Five stories that have North Texas talking: Worst traffic spots in Texas listed in new study; $400,000 worth of sorority pins stolen in inside job; Texas Revolution is center of upcoming History Channel series; and more.
- New report highlights worst traffic corridors in Texas. The top 15 worst (nicely laid out in the Houston Chronicle) all sit around Dallas, Houston, and Austin. INRIX, a company that sells traffic solutions to cities, created the report, which covers metropolitan areas of North America and Europe. The three traffic corridors in Dallas that made the top 15 (or it it bottom 15?) were I-35E Southbound from Mockingbird to I-30, I-35W Southbound from Park Glen to TX-12, and I-35W Northbound from I-30 to Western Center. Unsurprisingly, the worst times to drive on these stretches were Fridays from 4 p.m. to 6 p.m., with averages of around 50 hours of delay per year. Happy Friday everyone!
- The History Channel rounds up some Hollywood big guns for a new mini-series on the Texas Revolution. Texas Rising is the latest History Channel scripted dramas, after the network’s successes with Hatfield & McCoys, The Bible, andVikings. The Hollywood Reporter says the 8-hour mini-series will focus on the Texas Revolution against Mexico and the rise of the Texas Rangers. The ensemble cast includes Bill Paxton as Sam Houston, Ray Liotta as a survivor from the Alamo, and Jeffrey Dean Morgan as a veteran Texas Ranger. The official description of the series comes straight out of an old Hollywood western poster: “Crushed from the outside by Mexican armadas and attacked from within by ferocious Comanche tribes — no one was safe. But this was a time of bravery, a time to die for what you believed in and a time to stand tall against the cruel rule of the Mexican General Santa Anna.”
- Arlington couple accused in $400,000 sorority pin heist. Revelations abound in this story for much of the public, who are probably not familiar with the rituals of the Tri Delt sorority, the victim of the theft. Apparently Tri Delt sisters are entrusted with fancy pins made of gold and encrusted with diamonds which are returned, upon their death, to the Tri Delt headquarters in Arlington. Thousands of these pins had been “preserved” at the sorority offices. WFAA reports that a routine check at the end of February revealed more than 2,000 pins worth $400,000 had been stolen. A police investigation led them to one of the sorority’s employees, who is suspected of working with her husband to break into the storage area. The pair have been arrested and are awaiting trial. Unfortunately the police department have only been able to recover a few hundred of the stolen pins so far.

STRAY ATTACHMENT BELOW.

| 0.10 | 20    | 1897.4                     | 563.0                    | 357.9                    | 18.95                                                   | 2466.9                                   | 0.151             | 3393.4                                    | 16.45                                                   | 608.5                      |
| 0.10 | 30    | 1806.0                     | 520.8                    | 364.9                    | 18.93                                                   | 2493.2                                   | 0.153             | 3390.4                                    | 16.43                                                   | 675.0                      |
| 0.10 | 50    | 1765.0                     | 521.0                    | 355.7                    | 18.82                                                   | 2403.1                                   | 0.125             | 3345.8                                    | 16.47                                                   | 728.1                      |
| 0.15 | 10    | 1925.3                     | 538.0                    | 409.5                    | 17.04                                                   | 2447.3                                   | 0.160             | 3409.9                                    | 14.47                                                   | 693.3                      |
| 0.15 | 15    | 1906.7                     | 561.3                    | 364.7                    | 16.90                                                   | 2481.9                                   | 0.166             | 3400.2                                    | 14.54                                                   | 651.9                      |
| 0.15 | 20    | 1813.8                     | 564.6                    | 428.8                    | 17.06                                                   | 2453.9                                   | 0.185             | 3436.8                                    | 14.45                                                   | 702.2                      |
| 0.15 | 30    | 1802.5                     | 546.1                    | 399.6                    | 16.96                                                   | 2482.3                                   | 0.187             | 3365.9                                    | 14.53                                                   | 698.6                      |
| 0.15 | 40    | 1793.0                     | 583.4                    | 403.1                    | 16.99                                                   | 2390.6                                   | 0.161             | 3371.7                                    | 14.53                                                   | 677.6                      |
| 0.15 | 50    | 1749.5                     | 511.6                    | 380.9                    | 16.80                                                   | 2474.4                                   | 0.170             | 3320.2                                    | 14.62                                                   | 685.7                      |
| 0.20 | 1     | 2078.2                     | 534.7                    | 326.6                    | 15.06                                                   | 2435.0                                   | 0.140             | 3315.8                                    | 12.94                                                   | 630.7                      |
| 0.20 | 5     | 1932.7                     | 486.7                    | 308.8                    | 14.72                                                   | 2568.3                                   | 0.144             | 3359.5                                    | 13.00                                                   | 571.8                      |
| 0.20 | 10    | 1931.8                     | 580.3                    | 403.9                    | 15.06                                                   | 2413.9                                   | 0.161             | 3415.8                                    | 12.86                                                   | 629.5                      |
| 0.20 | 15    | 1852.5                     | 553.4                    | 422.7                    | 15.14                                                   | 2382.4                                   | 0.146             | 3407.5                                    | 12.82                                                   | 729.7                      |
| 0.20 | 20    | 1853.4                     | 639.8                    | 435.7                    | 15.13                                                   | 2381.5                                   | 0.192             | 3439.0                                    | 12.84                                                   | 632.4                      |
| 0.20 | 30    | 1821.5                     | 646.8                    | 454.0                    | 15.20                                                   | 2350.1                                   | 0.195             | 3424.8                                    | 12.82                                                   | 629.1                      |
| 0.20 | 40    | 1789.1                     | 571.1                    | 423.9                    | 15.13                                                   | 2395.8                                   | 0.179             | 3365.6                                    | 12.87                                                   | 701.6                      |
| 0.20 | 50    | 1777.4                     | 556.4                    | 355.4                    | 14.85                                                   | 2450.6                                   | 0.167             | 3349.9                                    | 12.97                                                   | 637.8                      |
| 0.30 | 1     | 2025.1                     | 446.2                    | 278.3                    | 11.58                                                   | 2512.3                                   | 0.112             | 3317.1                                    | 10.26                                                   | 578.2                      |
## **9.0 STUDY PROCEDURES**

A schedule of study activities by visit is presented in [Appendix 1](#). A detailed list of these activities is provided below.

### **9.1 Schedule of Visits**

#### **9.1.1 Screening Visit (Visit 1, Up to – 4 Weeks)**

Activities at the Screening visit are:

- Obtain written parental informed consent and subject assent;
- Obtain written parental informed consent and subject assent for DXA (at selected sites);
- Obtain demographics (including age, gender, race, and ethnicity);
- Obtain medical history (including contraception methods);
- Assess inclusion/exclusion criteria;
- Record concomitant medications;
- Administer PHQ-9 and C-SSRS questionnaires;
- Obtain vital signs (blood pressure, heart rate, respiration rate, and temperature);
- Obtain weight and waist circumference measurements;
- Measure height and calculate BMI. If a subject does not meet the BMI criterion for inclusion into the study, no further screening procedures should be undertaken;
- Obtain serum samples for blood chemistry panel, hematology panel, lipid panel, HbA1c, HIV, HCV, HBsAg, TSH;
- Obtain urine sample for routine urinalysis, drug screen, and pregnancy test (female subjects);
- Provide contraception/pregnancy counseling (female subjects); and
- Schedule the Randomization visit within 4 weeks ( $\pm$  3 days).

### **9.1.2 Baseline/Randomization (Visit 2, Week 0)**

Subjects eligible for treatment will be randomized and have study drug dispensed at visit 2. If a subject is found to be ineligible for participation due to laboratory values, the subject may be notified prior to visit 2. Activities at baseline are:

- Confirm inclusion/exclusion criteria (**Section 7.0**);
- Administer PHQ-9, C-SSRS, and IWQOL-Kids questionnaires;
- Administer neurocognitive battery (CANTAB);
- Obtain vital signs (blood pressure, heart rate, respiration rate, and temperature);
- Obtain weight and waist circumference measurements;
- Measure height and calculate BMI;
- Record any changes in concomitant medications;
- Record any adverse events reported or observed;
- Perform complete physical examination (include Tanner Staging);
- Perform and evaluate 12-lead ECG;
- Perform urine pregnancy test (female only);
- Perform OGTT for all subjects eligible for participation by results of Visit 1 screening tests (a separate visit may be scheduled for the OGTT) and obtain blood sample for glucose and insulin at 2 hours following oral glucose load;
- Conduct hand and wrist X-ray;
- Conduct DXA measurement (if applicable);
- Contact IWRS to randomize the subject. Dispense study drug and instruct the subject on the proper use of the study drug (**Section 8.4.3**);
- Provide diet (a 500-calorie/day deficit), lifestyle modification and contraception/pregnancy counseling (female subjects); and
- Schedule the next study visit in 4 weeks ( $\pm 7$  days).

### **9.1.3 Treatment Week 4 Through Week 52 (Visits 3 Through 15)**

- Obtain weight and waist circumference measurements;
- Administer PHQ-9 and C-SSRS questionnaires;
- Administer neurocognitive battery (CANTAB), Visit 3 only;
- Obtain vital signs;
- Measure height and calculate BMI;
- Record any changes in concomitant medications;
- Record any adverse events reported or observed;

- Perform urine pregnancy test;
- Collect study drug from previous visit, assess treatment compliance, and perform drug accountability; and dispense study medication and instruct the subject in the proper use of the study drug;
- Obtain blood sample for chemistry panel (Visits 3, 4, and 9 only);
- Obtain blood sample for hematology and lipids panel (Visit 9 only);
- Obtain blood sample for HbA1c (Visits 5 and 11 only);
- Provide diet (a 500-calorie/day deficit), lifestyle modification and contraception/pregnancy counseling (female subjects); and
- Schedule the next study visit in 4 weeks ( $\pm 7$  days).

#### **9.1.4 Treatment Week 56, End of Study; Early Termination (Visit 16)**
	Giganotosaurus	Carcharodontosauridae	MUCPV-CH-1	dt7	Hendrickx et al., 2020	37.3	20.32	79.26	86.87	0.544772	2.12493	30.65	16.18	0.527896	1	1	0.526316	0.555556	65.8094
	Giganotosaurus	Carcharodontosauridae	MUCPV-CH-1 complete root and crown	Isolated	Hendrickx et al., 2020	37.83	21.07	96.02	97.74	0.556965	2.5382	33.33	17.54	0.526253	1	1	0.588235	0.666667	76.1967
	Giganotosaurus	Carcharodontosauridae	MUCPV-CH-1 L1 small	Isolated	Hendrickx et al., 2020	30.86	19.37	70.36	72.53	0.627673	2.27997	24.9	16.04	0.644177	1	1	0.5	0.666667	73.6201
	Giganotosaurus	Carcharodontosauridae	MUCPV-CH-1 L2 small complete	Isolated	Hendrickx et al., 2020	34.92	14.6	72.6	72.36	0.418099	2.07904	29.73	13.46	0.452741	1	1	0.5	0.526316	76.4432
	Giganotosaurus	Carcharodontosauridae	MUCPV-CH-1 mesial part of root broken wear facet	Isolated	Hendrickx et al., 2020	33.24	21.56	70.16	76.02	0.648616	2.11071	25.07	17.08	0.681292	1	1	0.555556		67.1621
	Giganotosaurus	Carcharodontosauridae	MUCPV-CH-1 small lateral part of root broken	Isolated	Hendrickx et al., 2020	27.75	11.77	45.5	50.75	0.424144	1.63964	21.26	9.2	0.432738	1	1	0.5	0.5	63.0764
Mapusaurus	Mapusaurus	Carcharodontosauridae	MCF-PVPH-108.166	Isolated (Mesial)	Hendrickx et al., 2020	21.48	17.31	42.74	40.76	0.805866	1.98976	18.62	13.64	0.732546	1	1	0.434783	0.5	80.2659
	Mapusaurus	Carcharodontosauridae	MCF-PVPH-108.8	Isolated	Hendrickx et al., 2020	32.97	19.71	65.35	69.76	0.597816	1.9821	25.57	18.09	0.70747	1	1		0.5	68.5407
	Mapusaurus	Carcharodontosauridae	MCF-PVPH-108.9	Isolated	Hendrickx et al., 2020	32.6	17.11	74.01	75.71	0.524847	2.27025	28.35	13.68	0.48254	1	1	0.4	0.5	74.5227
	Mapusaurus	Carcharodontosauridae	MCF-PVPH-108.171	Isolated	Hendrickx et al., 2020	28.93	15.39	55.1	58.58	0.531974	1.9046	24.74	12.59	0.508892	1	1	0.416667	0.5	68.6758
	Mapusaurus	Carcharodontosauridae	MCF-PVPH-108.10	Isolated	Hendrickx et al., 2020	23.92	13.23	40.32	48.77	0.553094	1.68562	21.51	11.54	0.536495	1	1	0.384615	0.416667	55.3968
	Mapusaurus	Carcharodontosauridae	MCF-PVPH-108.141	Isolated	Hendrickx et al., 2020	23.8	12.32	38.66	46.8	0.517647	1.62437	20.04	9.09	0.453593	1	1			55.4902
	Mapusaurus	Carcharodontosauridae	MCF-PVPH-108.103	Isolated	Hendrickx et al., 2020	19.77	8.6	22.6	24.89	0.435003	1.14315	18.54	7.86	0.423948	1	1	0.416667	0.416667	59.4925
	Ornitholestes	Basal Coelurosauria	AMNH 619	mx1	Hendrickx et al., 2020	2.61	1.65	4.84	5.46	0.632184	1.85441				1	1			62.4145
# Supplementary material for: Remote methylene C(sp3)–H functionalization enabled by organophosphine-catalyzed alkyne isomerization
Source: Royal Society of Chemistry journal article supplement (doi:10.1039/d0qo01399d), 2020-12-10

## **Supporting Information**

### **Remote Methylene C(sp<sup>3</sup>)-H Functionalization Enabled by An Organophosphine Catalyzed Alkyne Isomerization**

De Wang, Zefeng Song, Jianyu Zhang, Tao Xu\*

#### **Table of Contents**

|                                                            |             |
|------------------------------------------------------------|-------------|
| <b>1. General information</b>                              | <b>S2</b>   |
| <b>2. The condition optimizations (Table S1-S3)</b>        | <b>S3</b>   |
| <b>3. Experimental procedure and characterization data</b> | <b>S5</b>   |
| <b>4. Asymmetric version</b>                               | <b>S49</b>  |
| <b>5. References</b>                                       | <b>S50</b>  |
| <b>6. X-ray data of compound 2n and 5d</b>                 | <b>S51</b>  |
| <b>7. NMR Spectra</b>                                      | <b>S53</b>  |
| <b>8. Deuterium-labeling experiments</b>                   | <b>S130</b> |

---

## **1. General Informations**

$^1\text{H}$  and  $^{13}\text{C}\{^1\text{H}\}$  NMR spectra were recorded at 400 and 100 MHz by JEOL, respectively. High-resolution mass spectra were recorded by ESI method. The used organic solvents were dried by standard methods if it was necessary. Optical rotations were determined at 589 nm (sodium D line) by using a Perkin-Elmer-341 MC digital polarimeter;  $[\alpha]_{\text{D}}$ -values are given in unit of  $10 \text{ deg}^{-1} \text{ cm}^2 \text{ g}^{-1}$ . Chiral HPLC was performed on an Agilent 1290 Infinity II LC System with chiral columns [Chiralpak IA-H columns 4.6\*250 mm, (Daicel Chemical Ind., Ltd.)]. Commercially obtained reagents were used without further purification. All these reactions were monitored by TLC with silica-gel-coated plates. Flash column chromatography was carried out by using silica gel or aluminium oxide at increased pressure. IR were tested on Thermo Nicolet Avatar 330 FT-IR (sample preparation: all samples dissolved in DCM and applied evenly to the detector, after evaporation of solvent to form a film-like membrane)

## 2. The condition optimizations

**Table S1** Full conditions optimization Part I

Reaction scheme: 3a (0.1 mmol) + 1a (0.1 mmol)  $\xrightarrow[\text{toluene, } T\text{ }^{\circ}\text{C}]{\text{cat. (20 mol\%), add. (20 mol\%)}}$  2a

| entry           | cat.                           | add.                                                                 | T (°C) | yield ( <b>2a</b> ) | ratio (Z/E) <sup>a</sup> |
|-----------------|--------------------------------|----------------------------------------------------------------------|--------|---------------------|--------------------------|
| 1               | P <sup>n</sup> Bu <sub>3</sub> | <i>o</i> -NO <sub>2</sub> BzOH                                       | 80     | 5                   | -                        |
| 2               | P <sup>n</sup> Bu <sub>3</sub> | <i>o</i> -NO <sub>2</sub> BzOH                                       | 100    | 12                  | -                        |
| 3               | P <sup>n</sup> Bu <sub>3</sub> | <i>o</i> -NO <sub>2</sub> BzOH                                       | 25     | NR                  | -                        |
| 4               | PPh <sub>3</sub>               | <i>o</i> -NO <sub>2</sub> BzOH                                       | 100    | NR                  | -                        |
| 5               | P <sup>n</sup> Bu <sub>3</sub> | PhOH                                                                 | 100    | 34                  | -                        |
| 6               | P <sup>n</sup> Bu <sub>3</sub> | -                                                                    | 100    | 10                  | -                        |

- Spooky radio stories take the stage as Welcome to Nightvale comes to Dallas. Granted, Welcome to Nightvale is not really a radio show, but a storytelling podcast where the stories take the form of a community radio broadcast. The creative minds behind this popular podcast (which consistently ranks in the top 10 podcasts on iTunes) are bringing their live tour to the Lakewood Theater tonight. The program has attracted a cult following and writers Jeffrey Cranor (who grew up in Mesquite) and Joseph Fink have managed to sell out every single show. Set in the mysterious town of Nightvale with a revolving lineup of peculiar characters, the tone is a mix of funny, scary, weird, and touching all at the same time. No description does it justice, but the creators’ own take gives a hint of what to expect if you’ve never listened before: Twice-monthly community updates for the small desert town of Night Vale, featuring local weather, news, announcements from the Sheriff’s Secret Police, mysterious lights in the night sky, dark hooded figures with unknowable powers, and cultural events. Turn on your radio and hide. Maybe KERA can borrow that tagline? The Dallas Observer has a good interview with the writers where they touch on how they turned Night Vale into a live show and why they keep the town’s location a mystery.
- Fan-funded ‘Veronica Mars’ movie opens this weekend. Rob Thomas, the creator of the television series and part-time Texas resident, raised more than $5 million on Kickstarter to bring his cult show to the big screen. The CW canceled the show in 2007 after 3 seasons. Still, fans would not let the show die, and helped Thomas reach his initial $2 million goal in 11 hours. Texas Monthly profiles Thomasand the long journey getting the movie funded and made. He touches on his short time at TCU, where he was on a football scholarship, but got distracted by the local music scene. “I was spending all my free time in Deep Ellum new-wave and punk clubs rather than with my football teammates,” he said. Even if the ‘Veronica Mars’ movie doesn’t top the box office, Thomas has already proven that there’s another way to get movies made in Hollywood.